DC Leaders Brace for Federal Influence on Abortion Laws

The overturning of Roe v. Wade gave the power of abortion legislation to the states, but Congress still has power over D.C.’s abortion laws

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Just days after the Supreme Court’s decision to overturn Roe v. Wade, D.C.’s leaders got together in hopes of protecting local abortion laws. They want residents to know they support a woman’s right to choose but know the decision may not be up to the District.

The new abortion ruling lets states decide whether or not to allow abortion, but since D.C. is not a state, Congress has final authority over its laws. If Republicans take control of the House and Senate in the midterms, District officials expect conservatives to target local abortion laws.

“We are going to be left perhaps at the mercy of a Republican Congress,” Del. Eleanor Holmes Norton (D-D.C.) said. “We already can’t spend local funds for abortion services.”

Recently, Republican members of Congress blocked D.C.’s ability to legalize recreational marijuana. Now, D.C. is worried it could happen again with abortion.

“We certainly have to be prepared," Mayor Muriel Bowser said. "We have to be very focused on protecting our residents.”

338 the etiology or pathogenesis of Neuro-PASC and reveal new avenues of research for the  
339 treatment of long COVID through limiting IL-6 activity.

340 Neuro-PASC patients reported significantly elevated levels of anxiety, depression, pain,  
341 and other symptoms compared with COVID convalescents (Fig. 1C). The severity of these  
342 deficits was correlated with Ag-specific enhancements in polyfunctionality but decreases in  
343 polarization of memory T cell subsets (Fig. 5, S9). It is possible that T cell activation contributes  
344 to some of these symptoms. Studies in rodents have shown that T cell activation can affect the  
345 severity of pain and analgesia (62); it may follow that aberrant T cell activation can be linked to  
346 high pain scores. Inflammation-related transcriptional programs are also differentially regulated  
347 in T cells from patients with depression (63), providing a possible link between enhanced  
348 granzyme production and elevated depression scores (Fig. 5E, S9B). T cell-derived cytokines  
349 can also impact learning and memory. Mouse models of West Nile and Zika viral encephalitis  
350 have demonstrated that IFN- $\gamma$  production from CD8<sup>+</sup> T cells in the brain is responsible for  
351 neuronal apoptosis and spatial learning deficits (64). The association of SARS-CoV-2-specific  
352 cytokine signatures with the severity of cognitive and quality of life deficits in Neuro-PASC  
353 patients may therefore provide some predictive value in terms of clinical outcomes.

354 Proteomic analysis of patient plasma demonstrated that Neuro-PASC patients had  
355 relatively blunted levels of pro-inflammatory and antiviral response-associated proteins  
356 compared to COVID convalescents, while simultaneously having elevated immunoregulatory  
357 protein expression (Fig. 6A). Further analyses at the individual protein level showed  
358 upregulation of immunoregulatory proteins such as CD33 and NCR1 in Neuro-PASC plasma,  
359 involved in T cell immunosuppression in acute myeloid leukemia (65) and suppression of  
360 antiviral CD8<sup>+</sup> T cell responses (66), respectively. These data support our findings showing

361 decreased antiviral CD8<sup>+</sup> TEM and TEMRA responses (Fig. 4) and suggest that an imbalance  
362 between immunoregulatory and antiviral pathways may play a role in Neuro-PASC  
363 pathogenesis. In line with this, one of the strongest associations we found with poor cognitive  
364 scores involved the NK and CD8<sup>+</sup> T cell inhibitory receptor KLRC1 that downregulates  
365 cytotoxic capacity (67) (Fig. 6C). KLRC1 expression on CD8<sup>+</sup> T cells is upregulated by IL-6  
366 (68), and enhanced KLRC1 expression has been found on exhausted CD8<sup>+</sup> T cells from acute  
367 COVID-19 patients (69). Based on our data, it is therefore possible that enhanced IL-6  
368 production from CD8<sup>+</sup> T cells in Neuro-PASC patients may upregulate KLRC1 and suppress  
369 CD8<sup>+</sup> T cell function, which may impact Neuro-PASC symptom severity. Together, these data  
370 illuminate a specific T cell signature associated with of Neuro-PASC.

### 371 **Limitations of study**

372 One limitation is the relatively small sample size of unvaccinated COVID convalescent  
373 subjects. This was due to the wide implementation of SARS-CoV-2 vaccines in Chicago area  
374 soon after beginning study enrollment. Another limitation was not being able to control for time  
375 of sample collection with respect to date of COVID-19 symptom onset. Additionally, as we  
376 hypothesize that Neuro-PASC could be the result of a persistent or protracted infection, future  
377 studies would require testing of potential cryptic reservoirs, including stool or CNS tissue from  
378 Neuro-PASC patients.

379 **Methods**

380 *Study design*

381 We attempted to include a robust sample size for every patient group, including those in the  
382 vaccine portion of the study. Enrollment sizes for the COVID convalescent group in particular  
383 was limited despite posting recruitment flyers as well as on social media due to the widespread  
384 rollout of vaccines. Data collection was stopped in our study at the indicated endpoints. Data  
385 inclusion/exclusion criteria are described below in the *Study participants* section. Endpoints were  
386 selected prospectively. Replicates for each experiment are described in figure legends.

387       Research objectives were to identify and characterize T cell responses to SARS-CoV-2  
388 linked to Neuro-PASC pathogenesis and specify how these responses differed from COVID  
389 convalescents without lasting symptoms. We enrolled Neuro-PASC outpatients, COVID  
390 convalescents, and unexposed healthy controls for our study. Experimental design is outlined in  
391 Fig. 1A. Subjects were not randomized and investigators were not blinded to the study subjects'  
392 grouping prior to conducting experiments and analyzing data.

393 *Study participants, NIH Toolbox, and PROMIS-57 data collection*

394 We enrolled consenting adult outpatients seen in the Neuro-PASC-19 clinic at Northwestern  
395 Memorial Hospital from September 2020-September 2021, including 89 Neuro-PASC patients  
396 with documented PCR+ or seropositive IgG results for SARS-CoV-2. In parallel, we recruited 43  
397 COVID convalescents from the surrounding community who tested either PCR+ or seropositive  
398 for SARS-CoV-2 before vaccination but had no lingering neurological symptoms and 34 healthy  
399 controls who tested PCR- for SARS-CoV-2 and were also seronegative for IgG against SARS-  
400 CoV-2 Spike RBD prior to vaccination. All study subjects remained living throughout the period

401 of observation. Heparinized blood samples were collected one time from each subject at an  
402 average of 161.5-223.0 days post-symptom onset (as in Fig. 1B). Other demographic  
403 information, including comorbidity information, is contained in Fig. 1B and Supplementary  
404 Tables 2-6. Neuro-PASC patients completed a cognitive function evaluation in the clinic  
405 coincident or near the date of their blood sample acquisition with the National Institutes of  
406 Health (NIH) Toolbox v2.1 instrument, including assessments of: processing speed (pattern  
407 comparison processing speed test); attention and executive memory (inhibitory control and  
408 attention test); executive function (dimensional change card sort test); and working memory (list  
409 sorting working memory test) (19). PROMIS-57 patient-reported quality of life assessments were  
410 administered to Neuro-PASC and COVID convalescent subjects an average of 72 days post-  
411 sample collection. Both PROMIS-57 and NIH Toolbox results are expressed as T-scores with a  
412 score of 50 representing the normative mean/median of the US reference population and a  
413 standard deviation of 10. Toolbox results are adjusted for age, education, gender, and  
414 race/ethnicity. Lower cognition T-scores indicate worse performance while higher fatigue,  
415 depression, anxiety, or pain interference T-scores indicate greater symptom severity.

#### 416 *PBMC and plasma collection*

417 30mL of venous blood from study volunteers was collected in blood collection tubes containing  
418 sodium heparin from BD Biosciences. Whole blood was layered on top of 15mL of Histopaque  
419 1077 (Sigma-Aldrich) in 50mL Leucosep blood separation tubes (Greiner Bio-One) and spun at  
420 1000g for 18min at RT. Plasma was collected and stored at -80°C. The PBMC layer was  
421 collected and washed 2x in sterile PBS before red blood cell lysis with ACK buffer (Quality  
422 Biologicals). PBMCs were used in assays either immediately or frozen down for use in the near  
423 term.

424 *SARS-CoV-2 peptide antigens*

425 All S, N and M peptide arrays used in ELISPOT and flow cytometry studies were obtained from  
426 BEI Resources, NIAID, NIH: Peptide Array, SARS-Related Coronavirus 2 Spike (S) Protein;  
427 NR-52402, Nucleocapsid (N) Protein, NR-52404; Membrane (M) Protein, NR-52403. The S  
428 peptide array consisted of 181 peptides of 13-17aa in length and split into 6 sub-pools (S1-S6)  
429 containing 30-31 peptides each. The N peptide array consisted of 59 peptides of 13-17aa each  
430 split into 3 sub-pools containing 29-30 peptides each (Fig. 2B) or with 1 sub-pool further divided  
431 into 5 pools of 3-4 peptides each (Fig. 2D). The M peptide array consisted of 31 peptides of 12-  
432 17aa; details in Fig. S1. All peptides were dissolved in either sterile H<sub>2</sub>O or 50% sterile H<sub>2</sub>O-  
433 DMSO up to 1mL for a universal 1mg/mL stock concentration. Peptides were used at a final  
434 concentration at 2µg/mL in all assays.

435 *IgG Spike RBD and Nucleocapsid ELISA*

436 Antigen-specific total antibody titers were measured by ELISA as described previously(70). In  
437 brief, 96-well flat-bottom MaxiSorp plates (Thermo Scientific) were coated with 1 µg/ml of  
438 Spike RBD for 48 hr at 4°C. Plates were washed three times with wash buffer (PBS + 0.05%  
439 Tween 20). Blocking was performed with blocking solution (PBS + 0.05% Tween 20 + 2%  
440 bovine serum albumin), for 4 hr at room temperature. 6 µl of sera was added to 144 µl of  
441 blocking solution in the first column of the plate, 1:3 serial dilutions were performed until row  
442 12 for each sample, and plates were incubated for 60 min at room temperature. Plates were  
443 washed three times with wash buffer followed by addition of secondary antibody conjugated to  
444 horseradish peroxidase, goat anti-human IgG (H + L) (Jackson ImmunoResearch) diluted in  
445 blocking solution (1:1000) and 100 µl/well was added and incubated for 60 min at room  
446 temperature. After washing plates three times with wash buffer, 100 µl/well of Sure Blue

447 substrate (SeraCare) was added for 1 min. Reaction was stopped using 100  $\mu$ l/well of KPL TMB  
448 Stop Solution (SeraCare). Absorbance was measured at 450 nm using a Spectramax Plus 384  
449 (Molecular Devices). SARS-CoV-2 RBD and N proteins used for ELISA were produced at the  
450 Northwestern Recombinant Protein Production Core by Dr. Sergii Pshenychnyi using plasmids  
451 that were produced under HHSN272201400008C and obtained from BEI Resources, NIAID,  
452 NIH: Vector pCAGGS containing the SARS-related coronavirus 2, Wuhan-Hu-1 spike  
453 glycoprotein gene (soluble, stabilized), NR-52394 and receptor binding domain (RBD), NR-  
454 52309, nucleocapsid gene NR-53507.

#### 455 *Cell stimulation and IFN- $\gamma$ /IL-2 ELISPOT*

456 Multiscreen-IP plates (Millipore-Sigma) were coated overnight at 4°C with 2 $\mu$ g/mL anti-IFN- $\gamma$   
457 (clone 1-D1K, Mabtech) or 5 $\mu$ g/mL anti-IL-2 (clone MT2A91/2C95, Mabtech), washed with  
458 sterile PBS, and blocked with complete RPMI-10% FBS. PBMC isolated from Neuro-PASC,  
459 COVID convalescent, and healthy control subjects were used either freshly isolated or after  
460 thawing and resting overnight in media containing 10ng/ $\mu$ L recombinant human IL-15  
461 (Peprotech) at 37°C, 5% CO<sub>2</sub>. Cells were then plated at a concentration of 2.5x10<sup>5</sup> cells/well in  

A Republican Congress could also take aim at more than just D.C.'s abortion laws. One member even said he wanted to overturn the District’s self-governance entirely.

“I look forward to ending D.C.’s failed experiment of home rule once and for all,” Rep. Andrew Clyde (R-Ga.) told Politico.

“Well, the very idea enraged, that a slap in the face, took me by surprise,” Norton said. “I knew they’d do everything they can to the District, but to drive us back to before home rule, we got to stop that."

Without a vote in Congress, it is left to Norton, D.C.’s non-voting delegate, to try to persuade them to not meddle with local laws.

“I think the our only recourse will be in the Senate,” Norton said. “Even when we have a Republican-dominated Senate they, tend not to be as crazy as Republicans in the House.”

For now, District leaders hope in the midterms voters across the country will keep D.C. in mind.

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